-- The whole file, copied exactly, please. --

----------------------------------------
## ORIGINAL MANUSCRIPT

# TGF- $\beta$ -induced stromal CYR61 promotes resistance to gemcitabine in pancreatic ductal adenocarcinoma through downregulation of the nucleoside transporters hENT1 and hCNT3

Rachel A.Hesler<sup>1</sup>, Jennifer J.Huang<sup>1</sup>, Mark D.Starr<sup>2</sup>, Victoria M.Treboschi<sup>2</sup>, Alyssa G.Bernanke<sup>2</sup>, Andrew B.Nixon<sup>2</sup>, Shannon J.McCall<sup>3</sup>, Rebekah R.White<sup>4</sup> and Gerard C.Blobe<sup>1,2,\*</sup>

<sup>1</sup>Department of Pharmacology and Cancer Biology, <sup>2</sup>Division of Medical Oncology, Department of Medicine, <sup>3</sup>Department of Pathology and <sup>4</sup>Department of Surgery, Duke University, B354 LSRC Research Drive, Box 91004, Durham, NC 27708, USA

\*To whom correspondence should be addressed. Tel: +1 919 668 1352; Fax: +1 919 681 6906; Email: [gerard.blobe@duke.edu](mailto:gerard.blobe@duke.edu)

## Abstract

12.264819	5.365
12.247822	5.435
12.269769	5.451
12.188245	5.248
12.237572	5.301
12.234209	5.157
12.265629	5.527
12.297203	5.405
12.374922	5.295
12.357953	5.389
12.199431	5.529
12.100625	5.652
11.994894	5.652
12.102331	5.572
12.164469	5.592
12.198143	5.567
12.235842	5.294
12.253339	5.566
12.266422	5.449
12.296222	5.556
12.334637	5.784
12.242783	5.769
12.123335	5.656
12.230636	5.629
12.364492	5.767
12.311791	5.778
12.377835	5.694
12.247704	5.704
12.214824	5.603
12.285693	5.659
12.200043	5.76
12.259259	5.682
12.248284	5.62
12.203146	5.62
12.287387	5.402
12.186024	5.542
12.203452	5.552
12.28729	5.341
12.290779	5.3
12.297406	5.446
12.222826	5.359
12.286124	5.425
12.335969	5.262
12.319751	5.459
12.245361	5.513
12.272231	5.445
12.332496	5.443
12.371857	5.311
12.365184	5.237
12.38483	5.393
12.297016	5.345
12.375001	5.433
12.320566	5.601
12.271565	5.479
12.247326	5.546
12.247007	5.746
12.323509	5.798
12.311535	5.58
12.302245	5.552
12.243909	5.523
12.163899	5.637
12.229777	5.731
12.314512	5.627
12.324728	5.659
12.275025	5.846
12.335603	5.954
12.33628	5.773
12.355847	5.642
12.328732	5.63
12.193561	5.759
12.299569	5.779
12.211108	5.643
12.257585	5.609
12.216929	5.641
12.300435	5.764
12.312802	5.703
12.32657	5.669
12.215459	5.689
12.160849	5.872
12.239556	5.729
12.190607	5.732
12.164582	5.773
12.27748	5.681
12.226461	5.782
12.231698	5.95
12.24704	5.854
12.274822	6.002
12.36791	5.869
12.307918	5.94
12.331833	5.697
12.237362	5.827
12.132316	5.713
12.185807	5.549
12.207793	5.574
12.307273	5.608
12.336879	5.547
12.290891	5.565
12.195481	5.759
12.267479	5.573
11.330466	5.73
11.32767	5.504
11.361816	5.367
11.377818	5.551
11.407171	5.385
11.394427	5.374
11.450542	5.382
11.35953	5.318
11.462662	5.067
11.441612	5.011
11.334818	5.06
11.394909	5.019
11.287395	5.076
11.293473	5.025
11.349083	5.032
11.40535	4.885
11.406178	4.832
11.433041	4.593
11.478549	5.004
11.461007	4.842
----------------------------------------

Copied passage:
## ORIGINAL MANUSCRIPT

# TGF- $\beta$ -induced stromal CYR61 promotes resistance to gemcitabine in pancreatic ductal adenocarcinoma through downregulation of the nucleoside transporters hENT1 and hCNT3

Rachel A.Hesler<sup>1</sup>, Jennifer J.Huang<sup>1</sup>, Mark D.Starr<sup>2</sup>, Victoria M.Treboschi<sup>2</sup>, Alyssa G.Bernanke<sup>2</sup>, Andrew B.Nixon<sup>2</sup>, Shannon J.McCall<sup>3</sup>, Rebekah R.White<sup>4</sup> and Gerard C.Blobe<sup>1,2,\*</sup>

<sup>1</sup>Department of Pharmacology and Cancer Biology, <sup>2</sup>Division of Medical Oncology, Department of Medicine, <sup>3</sup>Department of Pathology and <sup>4</sup>Department of Surgery, Duke University, B354 LSRC Research Drive, Box 91004, Durham, NC 27708, USA

\*To whom correspondence should be addressed. Tel: +1 919 668 1352; Fax: +1 919 681 6906; Email: [gerard.blobe@duke.edu](mailto:gerard.blobe@duke.edu)

## Abstract

12.264819	5.365
12.247822	5.435
12.269769	5.451
12.188245	5.248
12.237572	5.301
12.234209	5.157
12.265629	5.527
12.297203	5.405
12.374922	5.295
12.357953	5.389
12.199431	5.529
12.100625	5.652
11.994894	5.652
12.102331	5.572
12.164469	5.592
12.198143	5.567
12.235842	5.294
12.253339	5.566
12.266422	5.449
12.296222	5.556
12.334637	5.784
12.242783	5.769
12.123335	5.656
12.230636	5.629
12.364492	5.767
12.311791	5.778
12.377835	5.694
12.247704	5.704
12.214824	5.603
12.285693	5.659
12.200043	5.76
12.259259	5.682
12.248284	5.62
12.203146	5.62
12.287387	5.402
12.186024	5.542
12.203452	5.552
12.28729	5.341
12.290779	5.3
12.297406	5.446
12.222826	5.359
12.286124	5.425
12.335969	5.262
12.319751	5.459
12.245361	5.513
12.272231	5.445
12.332496	5.443
12.371857	5.311
12.365184	5.237
12.38483	5.393
12.297016	5.345
12.375001	5.433
12.320566	5.601
12.271565	5.479
12.247326	5.546
12.247007	5.746
12.323509	5.798
12.311535	5.58
12.302245	5.552
12.243909	5.523
12.163899	5.637
12.229777	5.731
12.314512	5.627
12.324728	5.659
12.275025	5.846
12.335603	5.954
12.33628	5.773
12.355847	5.642
12.328732	5.63
12.193561	5.759
12.299569	5.779
12.211108	5.643
12.257585	5.609
12.216929	5.641
12.300435	5.764
12.312802	5.703
12.32657	5.669
12.215459	5.689
12.160849	5.872
12.239556	5.729
12.190607	5.732
12.164582	5.773
12.27748	5.681
12.226461	5.782
12.231698	5.95
12.24704	5.854
12.274822	6.002
12.36791	5.869
12.307918	5.94
12.331833	5.697
12.237362	5.827
12.132316	5.713
12.185807	5.549
12.207793	5.574
12.307273	5.608
12.336879	5.547
12.290891	5.565
12.195481	5.759
12.267479	5.573
11.330466	5.73
11.32767	5.504
11.361816	5.367
11.377818	5.551
11.407171	5.385
11.394427	5.374
11.450542	5.382
11.35953	5.318
11.462662	5.067
11.441612	5.011
11.334818	5.06
11.394909	5.019
11.287395	5.076
11.293473	5.025
11.349083	5.032
11.40535	4.885
11.406178	4.832
11.433041	4.593
11.478549	5.004
11.461007	4.842